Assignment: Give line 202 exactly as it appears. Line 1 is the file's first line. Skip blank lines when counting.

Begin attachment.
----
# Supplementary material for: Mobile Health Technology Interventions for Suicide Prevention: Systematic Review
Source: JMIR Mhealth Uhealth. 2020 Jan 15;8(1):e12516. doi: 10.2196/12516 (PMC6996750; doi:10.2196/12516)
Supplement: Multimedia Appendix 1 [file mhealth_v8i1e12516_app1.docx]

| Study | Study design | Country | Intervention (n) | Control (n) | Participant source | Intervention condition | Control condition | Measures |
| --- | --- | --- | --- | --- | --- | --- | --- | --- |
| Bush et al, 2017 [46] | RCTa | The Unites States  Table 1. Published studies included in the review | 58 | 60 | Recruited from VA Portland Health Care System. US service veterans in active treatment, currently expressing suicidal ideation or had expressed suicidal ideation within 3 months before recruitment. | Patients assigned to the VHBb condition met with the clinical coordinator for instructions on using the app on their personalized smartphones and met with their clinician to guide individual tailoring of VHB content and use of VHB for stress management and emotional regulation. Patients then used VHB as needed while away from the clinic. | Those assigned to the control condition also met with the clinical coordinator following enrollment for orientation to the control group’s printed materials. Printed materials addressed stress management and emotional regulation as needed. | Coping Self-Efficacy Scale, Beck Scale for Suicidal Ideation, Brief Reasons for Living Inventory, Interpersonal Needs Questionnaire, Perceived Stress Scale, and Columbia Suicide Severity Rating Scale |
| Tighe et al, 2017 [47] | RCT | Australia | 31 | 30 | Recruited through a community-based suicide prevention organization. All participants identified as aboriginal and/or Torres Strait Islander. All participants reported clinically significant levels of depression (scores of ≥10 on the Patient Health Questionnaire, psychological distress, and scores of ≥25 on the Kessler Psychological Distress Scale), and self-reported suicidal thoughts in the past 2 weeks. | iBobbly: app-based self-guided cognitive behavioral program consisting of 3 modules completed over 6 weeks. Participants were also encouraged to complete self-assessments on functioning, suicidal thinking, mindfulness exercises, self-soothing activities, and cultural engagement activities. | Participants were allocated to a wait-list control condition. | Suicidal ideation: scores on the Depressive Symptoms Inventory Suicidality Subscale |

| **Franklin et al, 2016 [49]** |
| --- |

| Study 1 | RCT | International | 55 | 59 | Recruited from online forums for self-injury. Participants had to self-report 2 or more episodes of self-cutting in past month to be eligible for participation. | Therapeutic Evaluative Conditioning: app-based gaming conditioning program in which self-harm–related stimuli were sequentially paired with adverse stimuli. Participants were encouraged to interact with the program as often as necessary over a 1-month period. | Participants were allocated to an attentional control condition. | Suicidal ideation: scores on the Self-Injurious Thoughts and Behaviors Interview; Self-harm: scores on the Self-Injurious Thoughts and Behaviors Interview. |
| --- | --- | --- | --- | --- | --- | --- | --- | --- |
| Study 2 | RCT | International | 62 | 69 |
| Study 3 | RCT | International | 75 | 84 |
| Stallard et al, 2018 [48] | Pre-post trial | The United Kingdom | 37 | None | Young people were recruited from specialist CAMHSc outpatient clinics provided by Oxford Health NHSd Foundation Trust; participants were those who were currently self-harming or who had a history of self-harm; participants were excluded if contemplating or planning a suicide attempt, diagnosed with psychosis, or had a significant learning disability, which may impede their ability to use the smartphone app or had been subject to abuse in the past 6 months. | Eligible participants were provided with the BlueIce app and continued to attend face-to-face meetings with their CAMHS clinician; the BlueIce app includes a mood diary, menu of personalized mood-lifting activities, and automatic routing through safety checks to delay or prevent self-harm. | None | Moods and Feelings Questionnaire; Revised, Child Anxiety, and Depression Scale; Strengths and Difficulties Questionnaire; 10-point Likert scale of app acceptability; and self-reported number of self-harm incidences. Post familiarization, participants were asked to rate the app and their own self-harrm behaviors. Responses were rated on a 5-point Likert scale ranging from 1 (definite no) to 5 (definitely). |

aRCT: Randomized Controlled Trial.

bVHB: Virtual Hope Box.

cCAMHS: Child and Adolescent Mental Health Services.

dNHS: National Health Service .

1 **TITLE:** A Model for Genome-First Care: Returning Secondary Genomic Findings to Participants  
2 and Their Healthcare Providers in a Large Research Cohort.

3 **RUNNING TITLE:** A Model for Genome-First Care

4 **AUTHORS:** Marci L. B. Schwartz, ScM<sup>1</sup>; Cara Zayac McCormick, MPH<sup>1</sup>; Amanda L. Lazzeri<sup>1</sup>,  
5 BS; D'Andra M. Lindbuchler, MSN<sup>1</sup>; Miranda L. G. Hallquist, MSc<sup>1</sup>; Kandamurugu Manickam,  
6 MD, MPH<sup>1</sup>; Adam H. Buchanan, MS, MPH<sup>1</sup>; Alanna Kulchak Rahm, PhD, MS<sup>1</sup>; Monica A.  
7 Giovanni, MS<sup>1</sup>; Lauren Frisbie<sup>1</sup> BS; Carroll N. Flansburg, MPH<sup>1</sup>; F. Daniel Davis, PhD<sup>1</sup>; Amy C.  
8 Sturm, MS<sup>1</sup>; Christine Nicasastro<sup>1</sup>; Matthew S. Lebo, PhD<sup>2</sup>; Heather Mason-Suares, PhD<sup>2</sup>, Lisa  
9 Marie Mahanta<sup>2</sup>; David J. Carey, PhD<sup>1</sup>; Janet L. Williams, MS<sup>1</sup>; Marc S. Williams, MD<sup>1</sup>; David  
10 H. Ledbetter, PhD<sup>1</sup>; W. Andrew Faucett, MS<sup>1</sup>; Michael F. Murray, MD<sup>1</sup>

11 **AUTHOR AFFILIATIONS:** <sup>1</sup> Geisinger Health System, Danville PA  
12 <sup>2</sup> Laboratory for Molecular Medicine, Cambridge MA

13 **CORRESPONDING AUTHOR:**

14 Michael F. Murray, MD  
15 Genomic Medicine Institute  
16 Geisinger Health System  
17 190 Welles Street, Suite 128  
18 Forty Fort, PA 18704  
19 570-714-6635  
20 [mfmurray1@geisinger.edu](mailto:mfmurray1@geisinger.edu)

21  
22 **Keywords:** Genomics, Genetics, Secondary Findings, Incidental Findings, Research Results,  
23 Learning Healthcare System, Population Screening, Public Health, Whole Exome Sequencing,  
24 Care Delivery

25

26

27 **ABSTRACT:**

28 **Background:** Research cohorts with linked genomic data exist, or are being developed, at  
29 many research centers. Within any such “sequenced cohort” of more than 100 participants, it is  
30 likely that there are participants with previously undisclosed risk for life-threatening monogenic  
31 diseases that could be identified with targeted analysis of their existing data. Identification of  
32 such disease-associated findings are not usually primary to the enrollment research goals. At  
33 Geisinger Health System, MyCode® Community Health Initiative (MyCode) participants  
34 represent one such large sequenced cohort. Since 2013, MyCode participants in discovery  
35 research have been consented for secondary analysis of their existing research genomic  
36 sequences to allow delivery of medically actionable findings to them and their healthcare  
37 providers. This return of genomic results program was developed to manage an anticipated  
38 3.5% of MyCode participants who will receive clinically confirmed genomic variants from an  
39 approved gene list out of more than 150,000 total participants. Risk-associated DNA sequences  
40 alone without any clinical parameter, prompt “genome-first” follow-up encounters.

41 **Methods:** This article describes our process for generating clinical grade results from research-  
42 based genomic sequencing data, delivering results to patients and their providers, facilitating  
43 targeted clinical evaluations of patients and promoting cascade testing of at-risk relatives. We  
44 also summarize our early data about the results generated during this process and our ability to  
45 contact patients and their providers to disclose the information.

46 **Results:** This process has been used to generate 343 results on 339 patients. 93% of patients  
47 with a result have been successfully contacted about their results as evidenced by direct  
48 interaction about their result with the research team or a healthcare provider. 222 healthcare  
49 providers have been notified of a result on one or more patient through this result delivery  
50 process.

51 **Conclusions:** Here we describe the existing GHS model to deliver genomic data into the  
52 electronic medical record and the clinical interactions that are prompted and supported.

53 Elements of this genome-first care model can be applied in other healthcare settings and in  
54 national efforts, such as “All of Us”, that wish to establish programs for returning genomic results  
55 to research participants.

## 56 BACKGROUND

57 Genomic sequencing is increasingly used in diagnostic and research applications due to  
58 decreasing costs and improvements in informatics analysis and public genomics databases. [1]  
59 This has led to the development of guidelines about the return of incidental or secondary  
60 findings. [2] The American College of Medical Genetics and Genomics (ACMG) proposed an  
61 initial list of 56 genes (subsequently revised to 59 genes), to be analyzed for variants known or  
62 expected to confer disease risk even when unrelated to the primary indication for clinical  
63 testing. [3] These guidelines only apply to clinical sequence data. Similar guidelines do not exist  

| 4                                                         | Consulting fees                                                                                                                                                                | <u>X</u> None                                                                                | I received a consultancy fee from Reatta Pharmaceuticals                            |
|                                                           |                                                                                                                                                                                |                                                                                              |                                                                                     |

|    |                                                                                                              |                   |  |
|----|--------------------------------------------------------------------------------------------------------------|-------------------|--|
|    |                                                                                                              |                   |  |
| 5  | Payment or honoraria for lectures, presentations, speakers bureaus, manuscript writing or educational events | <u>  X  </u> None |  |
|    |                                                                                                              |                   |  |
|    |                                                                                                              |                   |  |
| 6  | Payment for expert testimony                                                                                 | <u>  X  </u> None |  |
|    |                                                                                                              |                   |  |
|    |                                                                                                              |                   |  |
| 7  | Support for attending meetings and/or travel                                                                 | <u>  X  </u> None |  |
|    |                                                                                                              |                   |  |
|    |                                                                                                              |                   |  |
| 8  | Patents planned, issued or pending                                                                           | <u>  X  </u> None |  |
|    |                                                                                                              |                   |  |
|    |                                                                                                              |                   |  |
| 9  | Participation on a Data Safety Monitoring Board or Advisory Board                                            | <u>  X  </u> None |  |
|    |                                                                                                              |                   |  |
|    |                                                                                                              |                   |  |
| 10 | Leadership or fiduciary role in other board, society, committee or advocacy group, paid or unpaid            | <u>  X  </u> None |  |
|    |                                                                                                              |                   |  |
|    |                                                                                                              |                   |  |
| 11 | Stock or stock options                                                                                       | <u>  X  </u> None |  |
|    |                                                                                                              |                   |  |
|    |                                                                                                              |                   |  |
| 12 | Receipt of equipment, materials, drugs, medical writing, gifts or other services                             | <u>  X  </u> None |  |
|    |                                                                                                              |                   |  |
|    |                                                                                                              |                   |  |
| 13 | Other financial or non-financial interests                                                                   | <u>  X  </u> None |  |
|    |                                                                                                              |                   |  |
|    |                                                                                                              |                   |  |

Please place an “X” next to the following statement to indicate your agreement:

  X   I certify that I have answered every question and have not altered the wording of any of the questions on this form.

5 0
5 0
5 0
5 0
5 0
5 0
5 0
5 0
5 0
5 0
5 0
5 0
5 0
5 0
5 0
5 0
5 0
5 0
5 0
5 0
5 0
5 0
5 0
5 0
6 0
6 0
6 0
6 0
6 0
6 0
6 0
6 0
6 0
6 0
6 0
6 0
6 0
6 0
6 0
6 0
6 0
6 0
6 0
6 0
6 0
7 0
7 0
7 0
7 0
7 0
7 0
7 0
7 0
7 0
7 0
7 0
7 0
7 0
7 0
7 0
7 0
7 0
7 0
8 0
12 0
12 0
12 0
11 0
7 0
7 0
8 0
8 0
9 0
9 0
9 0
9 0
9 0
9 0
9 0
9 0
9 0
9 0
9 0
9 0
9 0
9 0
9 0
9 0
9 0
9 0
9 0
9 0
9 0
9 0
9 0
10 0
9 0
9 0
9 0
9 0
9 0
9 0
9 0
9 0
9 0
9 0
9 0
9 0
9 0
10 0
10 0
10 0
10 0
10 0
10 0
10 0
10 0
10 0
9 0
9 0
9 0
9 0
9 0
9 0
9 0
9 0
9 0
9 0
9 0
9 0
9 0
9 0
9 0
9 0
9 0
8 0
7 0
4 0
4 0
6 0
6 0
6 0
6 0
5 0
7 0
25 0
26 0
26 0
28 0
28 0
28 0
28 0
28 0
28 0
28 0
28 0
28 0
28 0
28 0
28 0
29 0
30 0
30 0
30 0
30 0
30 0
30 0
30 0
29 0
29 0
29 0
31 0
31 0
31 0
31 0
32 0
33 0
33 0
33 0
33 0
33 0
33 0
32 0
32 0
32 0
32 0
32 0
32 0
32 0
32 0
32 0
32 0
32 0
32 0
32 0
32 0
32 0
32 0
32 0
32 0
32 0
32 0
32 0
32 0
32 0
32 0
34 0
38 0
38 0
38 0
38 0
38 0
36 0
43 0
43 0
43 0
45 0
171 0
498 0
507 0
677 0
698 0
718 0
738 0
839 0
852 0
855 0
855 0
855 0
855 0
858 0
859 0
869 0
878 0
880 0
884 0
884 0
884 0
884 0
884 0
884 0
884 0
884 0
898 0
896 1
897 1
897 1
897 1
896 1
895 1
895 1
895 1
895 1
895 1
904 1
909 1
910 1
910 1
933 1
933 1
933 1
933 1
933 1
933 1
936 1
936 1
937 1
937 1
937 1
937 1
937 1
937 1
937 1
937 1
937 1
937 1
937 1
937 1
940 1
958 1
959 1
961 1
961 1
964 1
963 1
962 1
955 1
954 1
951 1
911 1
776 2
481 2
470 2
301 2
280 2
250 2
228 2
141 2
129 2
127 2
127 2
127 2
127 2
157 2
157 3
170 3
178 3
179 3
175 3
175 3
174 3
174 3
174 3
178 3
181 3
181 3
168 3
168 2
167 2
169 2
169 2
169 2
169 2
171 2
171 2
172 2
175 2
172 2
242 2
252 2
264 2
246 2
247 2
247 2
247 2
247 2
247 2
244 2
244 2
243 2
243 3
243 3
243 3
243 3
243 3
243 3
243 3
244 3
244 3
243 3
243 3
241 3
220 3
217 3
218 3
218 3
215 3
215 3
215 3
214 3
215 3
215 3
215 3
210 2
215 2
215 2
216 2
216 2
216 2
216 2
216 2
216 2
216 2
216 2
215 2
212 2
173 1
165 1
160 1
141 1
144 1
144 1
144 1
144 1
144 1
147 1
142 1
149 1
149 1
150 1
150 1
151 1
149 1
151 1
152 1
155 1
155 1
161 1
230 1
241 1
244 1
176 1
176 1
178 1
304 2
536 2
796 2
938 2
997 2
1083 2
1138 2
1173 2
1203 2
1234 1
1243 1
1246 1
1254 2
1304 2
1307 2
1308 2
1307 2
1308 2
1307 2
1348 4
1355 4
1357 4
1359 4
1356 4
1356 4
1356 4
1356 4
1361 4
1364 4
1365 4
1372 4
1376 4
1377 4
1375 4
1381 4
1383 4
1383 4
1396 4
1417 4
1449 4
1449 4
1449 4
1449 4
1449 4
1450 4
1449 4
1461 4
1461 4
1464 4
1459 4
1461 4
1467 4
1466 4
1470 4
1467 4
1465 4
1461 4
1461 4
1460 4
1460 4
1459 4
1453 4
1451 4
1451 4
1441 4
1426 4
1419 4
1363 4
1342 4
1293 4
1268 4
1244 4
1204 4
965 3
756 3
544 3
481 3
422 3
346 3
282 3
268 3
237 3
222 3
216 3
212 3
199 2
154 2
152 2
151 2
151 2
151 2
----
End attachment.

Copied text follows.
9 0